2. This is a fine example but suppose now I asked you to picture God languishing away in heaven on the soul of the next child who is to be born tomorrow. Suddenly, your mind has struck a sand bar of sorts, you are no longer able to picture or compare any of that information with the facts of the world. You do not know what God or heaven looks like, and you surely do not have an idea of the logical space those two could occupy. I cannot ask you to open your eyes and compare your mental picture to the world. It is not a fact of the world. 

So, how should the theologian respond to a claim that at face value appears to be dismissive of the very existence of God? Apophatic theology possesses a potential answer when it reminds us that we come to a truer comprehension of God by determining what God is not, and as Wittgenstein’s thought beautifully illustrates, God is not an object of comprehension belonging to the world. God is not contained within the limited definition of the world’s objects. When the theologian constrains God to object status, they throw away any meaningful distinction between the world and the Holy that God could possess. Too often, to vainly seek knowledge and control of God, many reduce God to an object, which of course leads to a deification of the constructed object, which then in turn begets a form of self-imposed idolatry. Wittgenstein’s picture theory of meaning then serves as a tool to keep the Christian from distorting the notion of our transcendent and distinct God into a depiction of an object that is bound by the constraints of the object language game. Wittgenstein allows the theologian to save the actual use and meaning of the language of God from the idolatry and misunderstanding contained within the language game of things. Jean Luc Marion poses this idea in the form of a set of questions, “Does God reveal himself to make himself known and to take a place within our rationality? Or does he instead reveal himself to allow himself to be loved, and to love us?” If the Christian relegates God to object status or to a place within rationality, they lose the very nature of God and the Christian language game in the process.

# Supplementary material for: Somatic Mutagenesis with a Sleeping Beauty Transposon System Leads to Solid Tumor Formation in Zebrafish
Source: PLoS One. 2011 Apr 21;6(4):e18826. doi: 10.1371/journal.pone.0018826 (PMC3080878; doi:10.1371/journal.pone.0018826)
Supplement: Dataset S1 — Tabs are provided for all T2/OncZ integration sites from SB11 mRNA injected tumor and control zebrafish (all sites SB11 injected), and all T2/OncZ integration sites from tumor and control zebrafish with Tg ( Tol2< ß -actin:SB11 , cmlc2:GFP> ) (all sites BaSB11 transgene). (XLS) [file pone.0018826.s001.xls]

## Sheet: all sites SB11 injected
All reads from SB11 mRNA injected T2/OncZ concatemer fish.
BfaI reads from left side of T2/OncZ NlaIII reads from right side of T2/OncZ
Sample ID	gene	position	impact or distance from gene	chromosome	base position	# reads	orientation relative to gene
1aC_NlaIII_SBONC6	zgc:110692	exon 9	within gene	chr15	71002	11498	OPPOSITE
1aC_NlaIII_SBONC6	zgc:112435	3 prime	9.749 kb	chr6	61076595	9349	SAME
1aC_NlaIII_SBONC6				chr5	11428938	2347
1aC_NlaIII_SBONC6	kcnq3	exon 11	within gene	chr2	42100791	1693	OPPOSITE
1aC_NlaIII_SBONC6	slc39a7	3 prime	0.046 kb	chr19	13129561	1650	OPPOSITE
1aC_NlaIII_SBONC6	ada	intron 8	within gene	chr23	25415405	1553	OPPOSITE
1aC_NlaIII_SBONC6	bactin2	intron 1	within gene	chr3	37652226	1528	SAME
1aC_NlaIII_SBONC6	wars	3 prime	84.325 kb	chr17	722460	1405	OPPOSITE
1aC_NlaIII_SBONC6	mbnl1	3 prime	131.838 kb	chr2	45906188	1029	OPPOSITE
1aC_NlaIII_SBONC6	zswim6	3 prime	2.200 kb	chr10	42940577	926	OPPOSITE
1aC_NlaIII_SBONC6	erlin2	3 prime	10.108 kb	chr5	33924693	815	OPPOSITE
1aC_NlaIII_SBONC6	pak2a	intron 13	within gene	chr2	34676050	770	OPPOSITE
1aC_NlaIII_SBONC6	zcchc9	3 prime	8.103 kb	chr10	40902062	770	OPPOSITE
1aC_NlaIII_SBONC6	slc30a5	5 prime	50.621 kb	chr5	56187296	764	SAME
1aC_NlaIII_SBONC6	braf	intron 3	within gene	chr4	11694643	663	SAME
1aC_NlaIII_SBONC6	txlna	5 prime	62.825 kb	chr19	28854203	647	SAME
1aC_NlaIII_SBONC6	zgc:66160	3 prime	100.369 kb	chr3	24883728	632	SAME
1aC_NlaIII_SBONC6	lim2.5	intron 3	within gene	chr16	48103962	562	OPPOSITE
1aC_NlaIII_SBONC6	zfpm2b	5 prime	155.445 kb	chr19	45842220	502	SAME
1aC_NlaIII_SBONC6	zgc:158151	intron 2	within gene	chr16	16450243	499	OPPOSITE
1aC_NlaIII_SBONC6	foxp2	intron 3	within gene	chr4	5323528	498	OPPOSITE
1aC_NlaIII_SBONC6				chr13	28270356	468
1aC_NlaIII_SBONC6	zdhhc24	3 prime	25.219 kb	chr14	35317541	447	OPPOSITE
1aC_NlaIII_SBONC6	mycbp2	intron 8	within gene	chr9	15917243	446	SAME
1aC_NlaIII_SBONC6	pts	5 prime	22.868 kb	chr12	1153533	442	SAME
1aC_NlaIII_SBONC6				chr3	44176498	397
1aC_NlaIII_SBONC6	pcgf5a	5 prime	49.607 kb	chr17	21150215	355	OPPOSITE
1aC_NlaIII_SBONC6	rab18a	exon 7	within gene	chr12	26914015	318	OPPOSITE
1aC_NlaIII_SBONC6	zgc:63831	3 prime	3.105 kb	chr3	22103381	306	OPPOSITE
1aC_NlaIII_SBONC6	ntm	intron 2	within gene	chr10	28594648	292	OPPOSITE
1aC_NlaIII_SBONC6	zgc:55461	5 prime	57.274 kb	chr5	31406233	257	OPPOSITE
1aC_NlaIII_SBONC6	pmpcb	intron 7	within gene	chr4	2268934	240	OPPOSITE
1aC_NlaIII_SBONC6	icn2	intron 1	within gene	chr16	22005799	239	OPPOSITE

From here, Wittgenstein then proceeds to progress from this notion of meaning in the Tractatus, to a new conception of meaning that is primarily concerned with the meaning and usage of language as it functions within a given language game. With this new approach, Wittgenstein again provides Apophatic theology a tool that can clarify theology internally, as well as distinguish theology’s place among the other external language games within the interconnected web of language. 

First, I will take up the external clarification. In his lectures on religious belief, Wittgenstein states, “Suppose, for instance, we knew people who foresaw the future; make forecasts for years and years ahead; and they described some sort of Judgement Day. Queerly enough, even if there were such a thing, and even if it were more convincing than I have described but, belief in this happening wouldn’t be at all a religious belief.” This would not be a religious belief, as Wittgenstein goes on to clarify, because it would be based on a sort of claim of empiricism, some sort of verifiable knowledge that then makes the language function outside of the moral claim that theology’s function for the words “Judgement Day” possesses. So, the obvious trick here then is that the moment two or more games collide and attempt to play by each other’s epistemological rule sets, then the games become incompatible, language goes on holiday, and as Wittgenstein put it, “philosophical problems arise when language goes on holiday.”